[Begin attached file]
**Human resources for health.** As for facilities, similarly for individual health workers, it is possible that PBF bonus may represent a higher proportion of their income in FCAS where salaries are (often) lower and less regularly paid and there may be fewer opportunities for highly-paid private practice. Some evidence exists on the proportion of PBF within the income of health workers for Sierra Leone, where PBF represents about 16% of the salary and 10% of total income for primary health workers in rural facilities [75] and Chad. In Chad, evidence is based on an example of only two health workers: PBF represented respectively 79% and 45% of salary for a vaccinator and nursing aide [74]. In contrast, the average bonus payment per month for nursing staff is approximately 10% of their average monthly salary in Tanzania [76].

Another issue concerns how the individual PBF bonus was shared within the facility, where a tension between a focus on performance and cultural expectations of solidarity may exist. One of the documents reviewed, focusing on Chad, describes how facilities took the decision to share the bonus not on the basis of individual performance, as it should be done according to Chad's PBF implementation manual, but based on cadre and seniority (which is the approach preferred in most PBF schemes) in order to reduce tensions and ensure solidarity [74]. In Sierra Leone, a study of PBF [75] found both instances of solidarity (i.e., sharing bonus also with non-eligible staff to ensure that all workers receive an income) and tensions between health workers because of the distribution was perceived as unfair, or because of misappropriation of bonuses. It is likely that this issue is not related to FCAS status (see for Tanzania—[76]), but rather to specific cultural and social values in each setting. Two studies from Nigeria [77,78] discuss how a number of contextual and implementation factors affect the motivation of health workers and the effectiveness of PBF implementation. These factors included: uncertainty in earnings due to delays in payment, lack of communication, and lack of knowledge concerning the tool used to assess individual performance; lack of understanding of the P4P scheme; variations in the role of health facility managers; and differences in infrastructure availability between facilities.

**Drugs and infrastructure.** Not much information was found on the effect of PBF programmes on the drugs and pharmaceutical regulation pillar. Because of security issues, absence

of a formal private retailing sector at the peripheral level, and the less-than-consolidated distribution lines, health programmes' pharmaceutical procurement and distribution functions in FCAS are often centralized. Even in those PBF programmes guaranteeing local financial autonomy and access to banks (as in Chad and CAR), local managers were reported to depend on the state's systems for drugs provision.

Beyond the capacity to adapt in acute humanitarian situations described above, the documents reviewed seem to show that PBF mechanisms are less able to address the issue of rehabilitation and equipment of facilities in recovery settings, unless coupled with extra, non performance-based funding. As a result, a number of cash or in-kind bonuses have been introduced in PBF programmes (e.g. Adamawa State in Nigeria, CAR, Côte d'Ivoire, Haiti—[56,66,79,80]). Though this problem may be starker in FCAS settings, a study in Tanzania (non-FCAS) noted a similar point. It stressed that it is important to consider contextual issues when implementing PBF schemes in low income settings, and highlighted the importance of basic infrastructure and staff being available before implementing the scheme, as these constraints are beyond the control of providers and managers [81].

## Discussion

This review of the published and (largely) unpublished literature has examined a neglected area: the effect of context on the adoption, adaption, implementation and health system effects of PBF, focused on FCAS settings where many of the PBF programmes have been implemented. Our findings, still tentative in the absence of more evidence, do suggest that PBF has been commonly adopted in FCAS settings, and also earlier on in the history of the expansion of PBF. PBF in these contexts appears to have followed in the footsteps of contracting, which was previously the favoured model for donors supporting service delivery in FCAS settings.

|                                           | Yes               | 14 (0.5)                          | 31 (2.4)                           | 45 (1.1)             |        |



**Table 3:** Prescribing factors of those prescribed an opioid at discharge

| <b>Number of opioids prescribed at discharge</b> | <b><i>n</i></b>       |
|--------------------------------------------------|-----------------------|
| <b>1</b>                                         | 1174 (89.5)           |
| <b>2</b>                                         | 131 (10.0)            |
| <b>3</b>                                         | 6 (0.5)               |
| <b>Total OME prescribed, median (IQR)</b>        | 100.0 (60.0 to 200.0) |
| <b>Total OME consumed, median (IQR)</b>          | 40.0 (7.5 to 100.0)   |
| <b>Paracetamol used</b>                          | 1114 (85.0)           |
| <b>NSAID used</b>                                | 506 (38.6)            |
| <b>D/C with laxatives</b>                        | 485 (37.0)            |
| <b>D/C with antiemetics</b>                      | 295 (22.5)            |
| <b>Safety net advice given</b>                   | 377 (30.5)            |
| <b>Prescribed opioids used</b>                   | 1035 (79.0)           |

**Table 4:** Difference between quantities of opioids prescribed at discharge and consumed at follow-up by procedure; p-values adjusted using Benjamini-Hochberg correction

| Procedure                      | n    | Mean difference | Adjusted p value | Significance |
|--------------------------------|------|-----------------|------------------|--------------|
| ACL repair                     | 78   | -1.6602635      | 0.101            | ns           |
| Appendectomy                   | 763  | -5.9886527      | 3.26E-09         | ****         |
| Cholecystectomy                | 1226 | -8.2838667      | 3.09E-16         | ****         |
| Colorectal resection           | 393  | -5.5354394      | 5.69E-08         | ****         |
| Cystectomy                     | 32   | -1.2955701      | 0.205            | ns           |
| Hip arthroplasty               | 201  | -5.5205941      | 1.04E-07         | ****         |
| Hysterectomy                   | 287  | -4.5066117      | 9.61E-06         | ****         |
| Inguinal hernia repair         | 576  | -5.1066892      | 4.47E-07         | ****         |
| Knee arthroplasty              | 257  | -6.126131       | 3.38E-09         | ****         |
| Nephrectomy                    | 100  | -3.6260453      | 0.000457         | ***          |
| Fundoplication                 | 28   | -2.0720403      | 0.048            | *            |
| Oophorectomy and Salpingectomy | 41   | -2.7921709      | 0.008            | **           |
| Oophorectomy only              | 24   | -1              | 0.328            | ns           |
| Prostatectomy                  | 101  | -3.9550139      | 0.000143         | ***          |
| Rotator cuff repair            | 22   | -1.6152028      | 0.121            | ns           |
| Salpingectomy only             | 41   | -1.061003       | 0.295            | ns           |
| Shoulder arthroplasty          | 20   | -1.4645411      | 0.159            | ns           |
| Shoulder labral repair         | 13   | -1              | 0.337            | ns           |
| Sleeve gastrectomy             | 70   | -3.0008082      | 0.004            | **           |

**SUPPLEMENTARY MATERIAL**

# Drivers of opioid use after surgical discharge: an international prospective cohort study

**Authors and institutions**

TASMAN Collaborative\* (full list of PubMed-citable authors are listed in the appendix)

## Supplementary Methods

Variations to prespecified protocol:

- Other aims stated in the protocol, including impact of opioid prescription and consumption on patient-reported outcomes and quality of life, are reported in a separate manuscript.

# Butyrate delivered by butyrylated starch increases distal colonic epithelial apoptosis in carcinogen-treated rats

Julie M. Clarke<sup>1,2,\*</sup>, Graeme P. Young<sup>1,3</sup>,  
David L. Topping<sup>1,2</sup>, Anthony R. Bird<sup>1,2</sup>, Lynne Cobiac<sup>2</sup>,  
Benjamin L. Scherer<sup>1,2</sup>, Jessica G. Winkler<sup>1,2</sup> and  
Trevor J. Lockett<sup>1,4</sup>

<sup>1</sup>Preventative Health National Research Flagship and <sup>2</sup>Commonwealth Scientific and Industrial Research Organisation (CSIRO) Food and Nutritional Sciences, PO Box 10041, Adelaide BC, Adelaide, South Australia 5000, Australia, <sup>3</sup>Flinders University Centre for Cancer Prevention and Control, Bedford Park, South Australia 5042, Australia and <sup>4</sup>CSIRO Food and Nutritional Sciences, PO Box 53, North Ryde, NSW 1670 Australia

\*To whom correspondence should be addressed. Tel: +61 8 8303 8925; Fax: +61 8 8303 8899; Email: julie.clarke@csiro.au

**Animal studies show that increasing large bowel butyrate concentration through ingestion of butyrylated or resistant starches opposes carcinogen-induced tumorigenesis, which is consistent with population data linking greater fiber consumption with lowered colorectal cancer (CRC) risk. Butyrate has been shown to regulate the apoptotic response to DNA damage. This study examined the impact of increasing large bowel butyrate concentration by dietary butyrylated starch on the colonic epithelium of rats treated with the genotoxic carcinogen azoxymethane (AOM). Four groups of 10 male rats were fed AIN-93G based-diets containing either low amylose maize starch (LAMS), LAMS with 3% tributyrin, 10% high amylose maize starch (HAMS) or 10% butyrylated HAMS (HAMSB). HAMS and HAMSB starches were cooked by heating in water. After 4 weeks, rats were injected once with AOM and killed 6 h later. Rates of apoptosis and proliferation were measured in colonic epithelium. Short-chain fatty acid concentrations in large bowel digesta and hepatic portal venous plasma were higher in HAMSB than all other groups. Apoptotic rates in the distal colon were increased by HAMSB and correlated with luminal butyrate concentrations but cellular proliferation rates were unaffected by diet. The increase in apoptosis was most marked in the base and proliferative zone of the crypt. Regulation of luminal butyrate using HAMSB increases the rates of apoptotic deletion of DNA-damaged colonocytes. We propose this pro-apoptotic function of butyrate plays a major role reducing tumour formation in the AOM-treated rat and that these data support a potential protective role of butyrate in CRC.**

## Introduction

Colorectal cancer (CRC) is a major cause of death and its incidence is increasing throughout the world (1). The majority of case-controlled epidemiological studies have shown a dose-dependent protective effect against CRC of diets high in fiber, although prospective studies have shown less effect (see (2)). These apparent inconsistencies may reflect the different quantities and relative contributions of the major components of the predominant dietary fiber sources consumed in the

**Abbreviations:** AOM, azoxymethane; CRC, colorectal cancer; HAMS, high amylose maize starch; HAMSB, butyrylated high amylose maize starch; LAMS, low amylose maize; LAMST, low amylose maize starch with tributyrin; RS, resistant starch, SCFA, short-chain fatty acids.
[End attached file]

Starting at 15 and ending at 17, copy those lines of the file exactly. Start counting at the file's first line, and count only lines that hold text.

| <b>Total OME prescribed, median (IQR)</b>        | 100.0 (60.0 to 200.0) |
| <b>Total OME consumed, median (IQR)</b>          | 40.0 (7.5 to 100.0)   |
| <b>Paracetamol used</b>                          | 1114 (85.0)           |